Haverhill Church Group Leads Mission to Moldova, Bringing Supplies and Hope to Orphans
Jun 6 2024
Haverhill Church Group Leads Mission to Moldova, Bringing Supplies and Hope to Orphans
When it comes to reaching out with a helping hand, a Haverhill church is reaching out halfway across the world to help orphaned children.West Church is sending 15 people today on a mission trip to Moldova, a small country sandwiched between Romania and Ukraine. Leading the group is church Director of Outreach Mark Cottrell. Speaking recently on WHAV’s “Win for Breakfast” program, he explains how the 767 Broadway church became involved.“For a number of years we’ve supported a ministry in Moldova, a gentleman named Oleg Reutki—he’s a pastor over there—and he runs a number of orphanages. They call them transition homes, mostly young girls being ministered to them.”Cottrell adds Oleg runs an organization called New Hope Eurasia. “He has invited us to come over and serve in the orphanages. We’ll actually be staying right in the transition homes. We’ll be bringing all sorts of different supplies. We’ll be bringing clothing and shoes, and all sorts of needed things that he would like to have us bring to the orphans. We will be running a Bible school for them in two different locations.”Cottrell also says the West Church group will be doing some outreach, and serving Ukrainian refugees in the country. When asked about the safety of making the trip to Moldova, Cottrell had these words.“We’re warned, but we are relying on our host Oleg to know the lay of the land and, if anything was bad, I trust him to say ‘please don’t come.’ But, there have been rumors and rumors of war for Moldova since the beginning of the invasion of Ukraine two years ago, and really the news hasn’t changed too much.”To help with the trip, Cottrell says they received a generous donation from Reworld, formally known as Covanta. Reworld Haverhill’s Area Asset Manager Mark Van Weelden told WHAV the company is “pleased to be able to support the activities of these dedicated volunteers.  Hopefully, the kids impacted by these acts of kindness can see a world reimagined.”West Church also received help with supplies, including from a dentist who donated 200 toothbrushes and toothpaste. West Church normally runs missions every year, mostly to Latin America for construction projects, but the trip to Moldova, working with orphans and refugees, is bringing in people who wouldn’t normally make a missionary trip.Support the Show.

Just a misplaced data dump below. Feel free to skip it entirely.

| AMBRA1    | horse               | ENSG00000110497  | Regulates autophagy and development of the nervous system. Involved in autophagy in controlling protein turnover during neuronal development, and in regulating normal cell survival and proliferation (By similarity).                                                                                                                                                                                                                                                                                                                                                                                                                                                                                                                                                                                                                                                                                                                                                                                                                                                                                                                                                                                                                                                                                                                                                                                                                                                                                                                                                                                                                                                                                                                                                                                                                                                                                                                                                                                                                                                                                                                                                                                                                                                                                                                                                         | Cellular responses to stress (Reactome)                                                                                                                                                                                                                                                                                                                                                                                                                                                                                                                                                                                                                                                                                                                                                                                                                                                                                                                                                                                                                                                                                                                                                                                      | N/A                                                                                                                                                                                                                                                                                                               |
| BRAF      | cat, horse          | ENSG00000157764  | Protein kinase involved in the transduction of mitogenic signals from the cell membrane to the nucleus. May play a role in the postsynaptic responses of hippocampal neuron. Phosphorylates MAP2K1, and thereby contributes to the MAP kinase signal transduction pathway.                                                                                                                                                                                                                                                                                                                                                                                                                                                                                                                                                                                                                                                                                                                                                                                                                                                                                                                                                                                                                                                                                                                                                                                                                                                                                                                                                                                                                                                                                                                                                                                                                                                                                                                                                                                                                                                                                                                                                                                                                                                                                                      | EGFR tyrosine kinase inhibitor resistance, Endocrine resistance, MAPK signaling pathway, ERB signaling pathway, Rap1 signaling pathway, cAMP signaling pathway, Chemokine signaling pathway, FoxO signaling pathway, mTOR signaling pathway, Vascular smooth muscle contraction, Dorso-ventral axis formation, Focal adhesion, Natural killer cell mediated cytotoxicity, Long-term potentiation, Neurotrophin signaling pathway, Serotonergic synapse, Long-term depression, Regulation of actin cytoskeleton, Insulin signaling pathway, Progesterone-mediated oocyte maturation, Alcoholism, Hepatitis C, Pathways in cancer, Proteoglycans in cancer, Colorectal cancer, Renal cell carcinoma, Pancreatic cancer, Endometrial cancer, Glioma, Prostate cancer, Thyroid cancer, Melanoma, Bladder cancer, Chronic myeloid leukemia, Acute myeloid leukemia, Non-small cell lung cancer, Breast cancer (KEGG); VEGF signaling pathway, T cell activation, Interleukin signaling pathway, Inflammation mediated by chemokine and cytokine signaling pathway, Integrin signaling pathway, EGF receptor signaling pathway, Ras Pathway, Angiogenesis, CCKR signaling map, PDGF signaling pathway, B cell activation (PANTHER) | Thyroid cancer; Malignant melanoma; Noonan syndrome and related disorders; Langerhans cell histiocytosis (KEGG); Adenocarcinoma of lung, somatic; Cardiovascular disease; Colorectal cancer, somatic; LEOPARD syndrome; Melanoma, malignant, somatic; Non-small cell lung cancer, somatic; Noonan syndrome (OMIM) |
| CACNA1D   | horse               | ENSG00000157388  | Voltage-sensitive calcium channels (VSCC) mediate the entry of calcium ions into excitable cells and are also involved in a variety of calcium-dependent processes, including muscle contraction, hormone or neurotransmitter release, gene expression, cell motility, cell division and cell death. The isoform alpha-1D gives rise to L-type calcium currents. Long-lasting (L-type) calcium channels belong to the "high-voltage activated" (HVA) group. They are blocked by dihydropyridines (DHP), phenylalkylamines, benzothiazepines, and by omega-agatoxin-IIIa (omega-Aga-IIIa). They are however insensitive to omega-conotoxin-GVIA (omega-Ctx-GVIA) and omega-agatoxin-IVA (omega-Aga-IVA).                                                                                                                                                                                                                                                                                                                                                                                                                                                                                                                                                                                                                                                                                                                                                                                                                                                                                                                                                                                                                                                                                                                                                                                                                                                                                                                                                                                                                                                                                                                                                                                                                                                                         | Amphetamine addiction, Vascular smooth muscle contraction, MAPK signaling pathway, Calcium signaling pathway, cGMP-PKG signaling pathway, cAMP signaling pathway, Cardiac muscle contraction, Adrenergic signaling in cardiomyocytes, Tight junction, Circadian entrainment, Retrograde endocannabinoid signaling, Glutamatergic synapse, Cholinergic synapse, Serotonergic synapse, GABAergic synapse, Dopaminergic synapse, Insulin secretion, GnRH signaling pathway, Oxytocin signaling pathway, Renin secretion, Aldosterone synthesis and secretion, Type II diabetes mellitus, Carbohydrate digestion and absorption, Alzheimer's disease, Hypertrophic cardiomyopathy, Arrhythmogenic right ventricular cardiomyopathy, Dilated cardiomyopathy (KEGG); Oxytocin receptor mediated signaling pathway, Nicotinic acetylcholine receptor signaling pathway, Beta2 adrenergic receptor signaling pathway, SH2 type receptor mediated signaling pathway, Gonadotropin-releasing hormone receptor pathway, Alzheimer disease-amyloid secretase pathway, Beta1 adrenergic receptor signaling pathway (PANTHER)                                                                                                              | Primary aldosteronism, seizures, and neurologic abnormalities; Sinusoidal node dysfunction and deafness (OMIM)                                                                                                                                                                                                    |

Carolyn’s Farm Kitchen Opens Haverhill Storefront Location
May 31 2024
Carolyn’s Farm Kitchen Opens Haverhill Storefront Location
If you are looking to show off your creativity in the kitchen, you may be interested in using a “secret weapon” to make it easier.This Saturday and Sunday, from 9 a.m. to 3 p.m., Carolyn’s Farm Kitchen hosts an open house at the new storefront location. Owner Carolyn Grieco was a guest this past Wednesday on WHAV’s “Win for Breakfast” program, where she announced she will be opening a location at 800 Broadway in Haverhill.“A lot of my customers know me for baking at the market, as well as the products, but it is not a bakery. I used to own a bakery many years ago in Middleton. It was great, we ended up selling it. It was a lot. I was at a point where either I had to move into a larger space and grow, and at that time we decided to sell it. That was probably 25 years ago we sold it. So, as I get a little bit older, being in the food business beats you up physically, for sure, and I’m finding that. I feel that this next phase is really sustainable for myself,” she explains.Over the years, Carolyn’s Farm Kitchen has been a mainstay at the Haverhill Farmer’s Market and other markets in the area. Though she is known for her baked goods, Grieco says her passion is making the mixes that make it easier for people to make their own baked goods.“These are all original tried and true recipes I’ve developed over the years, over my career. I went to culinary school well over 30 years ago. These are all my babies! They are all original recipes, all tried and true, and I really designed them for simplicity. My tag line, if I had one, would be ‘simple seasonal scratch baking’ and that’s it. They are meant to be simple, one bowl assembly. You add a few additional ingredients, especially local farm fruit you can get at the farmers market or one of the local farms here in Haverhill, and they are package to oven in five minutes.”There’s more at CarolynsFarmKitchen.com and on her Facebook and Instagram accounts.Support the Show.
More to Building Haverhill-Based Mason & Hamlin Pianos Than Meets the Ear
May 28 2024
More to Building Haverhill-Based Mason & Hamlin Pianos Than Meets the Ear